Shakespeare at his comedic best... 15 octobre 1999
Par Gary - Publié sur Amazon.com
Format: Broché
Debatably, this is perhaps Shakespeare's greatest comedy. The combination of the hilarious scathing witticisms exchanged between Beatrice and Benedick, the "malapropatic" words of Dogberry, and the underlying beautiful theme of love make this an illustrious masterpiece. It is must-read for anyone interested in studying the Shakespearean canon for all it is worth. It is also a very understandable play; even to someone who is not experienced in deciphering the very awkward style of Elizabethan English.
5 internautes sur 5 ont trouvé ce commentaire utile 
Much Ado About the Play 3 mai 2006
Par Elainne G. - Publié sur Amazon.com
Format: Poche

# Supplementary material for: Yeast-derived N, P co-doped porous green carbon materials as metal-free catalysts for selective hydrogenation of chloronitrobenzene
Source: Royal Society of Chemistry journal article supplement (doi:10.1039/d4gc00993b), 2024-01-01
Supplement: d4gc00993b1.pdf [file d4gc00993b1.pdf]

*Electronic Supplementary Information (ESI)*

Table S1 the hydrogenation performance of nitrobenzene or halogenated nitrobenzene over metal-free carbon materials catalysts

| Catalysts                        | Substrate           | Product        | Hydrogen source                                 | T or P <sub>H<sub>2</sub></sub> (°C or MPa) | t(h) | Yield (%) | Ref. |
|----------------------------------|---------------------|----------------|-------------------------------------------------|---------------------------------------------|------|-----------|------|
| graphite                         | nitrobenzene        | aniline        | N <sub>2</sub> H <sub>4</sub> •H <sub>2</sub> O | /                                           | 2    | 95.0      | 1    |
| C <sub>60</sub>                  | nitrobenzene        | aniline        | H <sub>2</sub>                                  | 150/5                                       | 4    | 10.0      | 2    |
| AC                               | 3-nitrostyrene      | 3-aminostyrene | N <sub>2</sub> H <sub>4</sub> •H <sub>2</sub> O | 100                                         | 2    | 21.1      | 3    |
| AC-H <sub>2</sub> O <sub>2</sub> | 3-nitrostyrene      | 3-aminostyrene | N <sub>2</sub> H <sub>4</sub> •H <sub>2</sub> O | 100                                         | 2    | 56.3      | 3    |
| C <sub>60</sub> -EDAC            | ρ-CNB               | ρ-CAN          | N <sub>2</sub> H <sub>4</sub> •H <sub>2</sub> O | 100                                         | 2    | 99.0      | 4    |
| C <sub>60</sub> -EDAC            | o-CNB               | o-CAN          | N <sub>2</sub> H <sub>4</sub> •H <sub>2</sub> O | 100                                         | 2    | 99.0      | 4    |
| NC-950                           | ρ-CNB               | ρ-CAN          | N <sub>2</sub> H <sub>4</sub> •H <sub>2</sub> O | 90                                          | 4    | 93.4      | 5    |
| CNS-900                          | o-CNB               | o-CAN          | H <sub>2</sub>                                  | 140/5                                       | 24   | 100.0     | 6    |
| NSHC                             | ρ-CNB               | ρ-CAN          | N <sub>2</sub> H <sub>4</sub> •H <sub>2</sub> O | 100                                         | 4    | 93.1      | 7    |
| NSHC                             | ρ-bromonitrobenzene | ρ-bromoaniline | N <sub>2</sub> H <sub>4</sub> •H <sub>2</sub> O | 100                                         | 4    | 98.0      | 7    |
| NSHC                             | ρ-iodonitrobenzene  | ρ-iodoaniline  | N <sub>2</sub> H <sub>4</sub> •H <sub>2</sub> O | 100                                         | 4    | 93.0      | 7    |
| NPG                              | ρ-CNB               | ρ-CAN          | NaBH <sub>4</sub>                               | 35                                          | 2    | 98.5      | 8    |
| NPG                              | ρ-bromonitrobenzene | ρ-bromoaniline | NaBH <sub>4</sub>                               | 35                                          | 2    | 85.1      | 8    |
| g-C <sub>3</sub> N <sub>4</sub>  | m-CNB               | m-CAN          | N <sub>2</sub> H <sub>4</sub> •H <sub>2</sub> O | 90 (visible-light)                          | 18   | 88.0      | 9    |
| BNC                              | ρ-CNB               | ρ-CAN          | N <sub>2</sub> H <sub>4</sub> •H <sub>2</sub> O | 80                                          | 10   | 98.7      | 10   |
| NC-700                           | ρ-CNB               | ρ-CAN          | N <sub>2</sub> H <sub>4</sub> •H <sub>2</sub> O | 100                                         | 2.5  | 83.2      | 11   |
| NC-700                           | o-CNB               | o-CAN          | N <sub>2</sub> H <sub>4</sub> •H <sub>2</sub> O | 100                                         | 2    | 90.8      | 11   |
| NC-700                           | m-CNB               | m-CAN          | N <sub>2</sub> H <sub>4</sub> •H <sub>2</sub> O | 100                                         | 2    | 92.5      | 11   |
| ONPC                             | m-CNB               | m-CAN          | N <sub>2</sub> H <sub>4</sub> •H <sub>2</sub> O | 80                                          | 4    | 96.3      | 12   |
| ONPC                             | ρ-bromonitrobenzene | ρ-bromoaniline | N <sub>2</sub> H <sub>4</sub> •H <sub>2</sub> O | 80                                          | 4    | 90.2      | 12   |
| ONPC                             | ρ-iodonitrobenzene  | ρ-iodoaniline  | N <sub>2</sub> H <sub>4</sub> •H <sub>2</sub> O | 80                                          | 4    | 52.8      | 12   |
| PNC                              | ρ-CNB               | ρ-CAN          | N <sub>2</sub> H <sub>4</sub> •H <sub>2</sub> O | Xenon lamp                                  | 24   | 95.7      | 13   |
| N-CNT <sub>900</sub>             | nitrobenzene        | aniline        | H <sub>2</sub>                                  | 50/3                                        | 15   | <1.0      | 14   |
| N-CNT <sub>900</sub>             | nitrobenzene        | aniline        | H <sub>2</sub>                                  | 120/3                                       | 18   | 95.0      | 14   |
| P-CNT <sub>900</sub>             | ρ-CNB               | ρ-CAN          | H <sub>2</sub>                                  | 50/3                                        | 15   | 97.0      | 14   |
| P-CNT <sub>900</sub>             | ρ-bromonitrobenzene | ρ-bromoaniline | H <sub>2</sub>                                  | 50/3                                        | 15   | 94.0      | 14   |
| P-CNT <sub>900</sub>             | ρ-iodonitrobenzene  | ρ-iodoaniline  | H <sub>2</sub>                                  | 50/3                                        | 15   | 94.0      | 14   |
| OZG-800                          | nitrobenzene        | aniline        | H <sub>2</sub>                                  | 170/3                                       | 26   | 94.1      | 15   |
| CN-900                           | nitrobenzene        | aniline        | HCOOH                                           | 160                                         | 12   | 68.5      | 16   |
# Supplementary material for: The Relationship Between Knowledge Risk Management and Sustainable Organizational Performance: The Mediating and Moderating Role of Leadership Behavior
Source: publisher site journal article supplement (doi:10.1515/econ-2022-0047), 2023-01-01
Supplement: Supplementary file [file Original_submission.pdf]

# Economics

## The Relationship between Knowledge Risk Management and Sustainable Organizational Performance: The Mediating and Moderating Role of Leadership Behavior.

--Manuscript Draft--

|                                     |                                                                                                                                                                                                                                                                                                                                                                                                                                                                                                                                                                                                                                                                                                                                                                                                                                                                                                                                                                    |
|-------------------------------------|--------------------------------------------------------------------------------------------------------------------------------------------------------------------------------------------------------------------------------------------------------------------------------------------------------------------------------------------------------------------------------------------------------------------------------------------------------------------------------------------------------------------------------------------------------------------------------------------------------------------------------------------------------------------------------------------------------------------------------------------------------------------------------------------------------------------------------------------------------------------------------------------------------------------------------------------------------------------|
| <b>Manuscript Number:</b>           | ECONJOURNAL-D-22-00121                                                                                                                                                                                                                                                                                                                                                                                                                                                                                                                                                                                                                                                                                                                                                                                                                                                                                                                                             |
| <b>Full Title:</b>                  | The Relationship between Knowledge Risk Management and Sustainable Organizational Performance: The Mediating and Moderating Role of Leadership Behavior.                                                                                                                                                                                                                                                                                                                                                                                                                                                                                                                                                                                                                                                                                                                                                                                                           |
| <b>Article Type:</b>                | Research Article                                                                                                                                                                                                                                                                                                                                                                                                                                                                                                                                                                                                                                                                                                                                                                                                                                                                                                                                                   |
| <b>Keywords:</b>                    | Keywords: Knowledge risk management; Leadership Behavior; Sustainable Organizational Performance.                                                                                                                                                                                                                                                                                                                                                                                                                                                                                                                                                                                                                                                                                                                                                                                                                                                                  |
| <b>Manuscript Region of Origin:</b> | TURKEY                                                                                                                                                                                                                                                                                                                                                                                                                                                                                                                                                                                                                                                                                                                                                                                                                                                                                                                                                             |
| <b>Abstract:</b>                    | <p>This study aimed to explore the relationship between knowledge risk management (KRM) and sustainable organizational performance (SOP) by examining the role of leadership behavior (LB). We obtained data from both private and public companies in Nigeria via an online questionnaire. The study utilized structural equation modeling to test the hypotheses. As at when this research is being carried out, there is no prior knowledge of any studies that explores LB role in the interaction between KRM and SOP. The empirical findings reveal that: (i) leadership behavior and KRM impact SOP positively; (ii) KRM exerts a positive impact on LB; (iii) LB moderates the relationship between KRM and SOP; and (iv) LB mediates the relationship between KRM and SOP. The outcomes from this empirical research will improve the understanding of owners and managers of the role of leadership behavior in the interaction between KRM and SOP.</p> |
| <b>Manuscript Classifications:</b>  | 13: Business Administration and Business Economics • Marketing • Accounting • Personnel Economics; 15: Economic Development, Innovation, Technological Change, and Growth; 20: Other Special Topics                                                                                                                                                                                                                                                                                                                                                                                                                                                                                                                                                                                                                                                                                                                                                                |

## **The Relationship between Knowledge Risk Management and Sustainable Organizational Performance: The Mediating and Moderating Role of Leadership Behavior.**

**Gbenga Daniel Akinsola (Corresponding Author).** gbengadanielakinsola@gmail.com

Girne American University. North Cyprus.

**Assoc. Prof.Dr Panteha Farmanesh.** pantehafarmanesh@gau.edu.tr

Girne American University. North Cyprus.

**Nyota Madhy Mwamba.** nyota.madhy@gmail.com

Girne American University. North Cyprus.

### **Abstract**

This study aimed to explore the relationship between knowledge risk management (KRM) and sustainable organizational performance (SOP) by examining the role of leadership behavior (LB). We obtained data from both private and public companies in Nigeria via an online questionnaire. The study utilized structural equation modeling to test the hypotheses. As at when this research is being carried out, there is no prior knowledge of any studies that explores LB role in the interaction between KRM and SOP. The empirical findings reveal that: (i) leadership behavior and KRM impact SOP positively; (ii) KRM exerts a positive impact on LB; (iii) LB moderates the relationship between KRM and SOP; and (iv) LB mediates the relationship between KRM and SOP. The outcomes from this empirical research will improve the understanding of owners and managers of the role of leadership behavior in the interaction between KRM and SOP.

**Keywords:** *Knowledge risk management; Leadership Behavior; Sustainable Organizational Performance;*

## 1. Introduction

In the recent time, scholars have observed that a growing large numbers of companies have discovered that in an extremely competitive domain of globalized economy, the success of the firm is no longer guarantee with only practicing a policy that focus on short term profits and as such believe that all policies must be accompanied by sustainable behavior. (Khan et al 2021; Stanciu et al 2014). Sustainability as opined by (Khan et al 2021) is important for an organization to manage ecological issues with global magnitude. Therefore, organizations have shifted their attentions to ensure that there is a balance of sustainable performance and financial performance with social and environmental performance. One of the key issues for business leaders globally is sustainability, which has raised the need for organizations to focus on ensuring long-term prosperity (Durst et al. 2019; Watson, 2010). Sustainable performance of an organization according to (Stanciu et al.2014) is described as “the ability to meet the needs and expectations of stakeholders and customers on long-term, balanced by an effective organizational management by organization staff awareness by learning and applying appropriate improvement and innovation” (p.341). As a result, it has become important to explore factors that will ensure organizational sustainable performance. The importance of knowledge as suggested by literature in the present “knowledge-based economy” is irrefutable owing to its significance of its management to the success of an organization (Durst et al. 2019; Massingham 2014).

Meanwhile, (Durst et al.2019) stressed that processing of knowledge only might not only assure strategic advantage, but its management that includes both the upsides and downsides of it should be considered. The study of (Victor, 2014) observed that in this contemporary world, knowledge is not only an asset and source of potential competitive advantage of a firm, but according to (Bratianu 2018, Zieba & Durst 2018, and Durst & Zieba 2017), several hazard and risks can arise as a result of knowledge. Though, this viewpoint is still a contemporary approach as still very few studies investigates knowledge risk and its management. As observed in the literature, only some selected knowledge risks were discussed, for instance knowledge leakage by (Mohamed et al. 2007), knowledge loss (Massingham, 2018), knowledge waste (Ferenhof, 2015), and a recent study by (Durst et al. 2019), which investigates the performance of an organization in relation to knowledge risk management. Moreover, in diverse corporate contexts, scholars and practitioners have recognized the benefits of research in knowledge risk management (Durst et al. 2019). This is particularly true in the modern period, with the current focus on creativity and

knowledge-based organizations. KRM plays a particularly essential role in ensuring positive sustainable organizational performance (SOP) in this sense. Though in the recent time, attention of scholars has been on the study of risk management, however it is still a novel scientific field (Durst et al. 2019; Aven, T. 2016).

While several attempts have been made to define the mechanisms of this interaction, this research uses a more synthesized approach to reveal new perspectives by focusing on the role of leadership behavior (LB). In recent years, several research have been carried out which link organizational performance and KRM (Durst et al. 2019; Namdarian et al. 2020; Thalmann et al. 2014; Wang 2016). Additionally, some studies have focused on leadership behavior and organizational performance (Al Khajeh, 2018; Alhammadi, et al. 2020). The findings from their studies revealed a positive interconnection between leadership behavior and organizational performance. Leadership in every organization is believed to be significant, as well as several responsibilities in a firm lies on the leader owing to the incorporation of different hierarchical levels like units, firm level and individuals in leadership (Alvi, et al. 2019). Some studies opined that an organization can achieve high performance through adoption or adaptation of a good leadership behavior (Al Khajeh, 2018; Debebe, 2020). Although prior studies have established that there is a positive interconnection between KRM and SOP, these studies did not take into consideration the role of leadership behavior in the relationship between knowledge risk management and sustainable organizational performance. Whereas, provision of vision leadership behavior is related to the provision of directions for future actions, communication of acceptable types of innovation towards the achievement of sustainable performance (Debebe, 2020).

I feel it is necessary to dispute some of the prior reviews I have just read. Shakespeare is a magnificient writer and Much Ado About Nothing is no exception. Some people have written that it is difficult to understand his language; however, the Folger Shakespeare Library has notes on the left page to explain vocabulary that modern readers may not understand. These notes also explain phrases that are no longer used such as "civil as an orange" which is a similie (with the orange being a Seville orange) having the meaning of "between sweet and sour".

Much Ado About Nothing is a witty comedy with enjoyable banter between Beatrice and Benedick, an ironical storyline, and humorous characters such as Dogberry whose malapropisms bring a smile to the reader's face.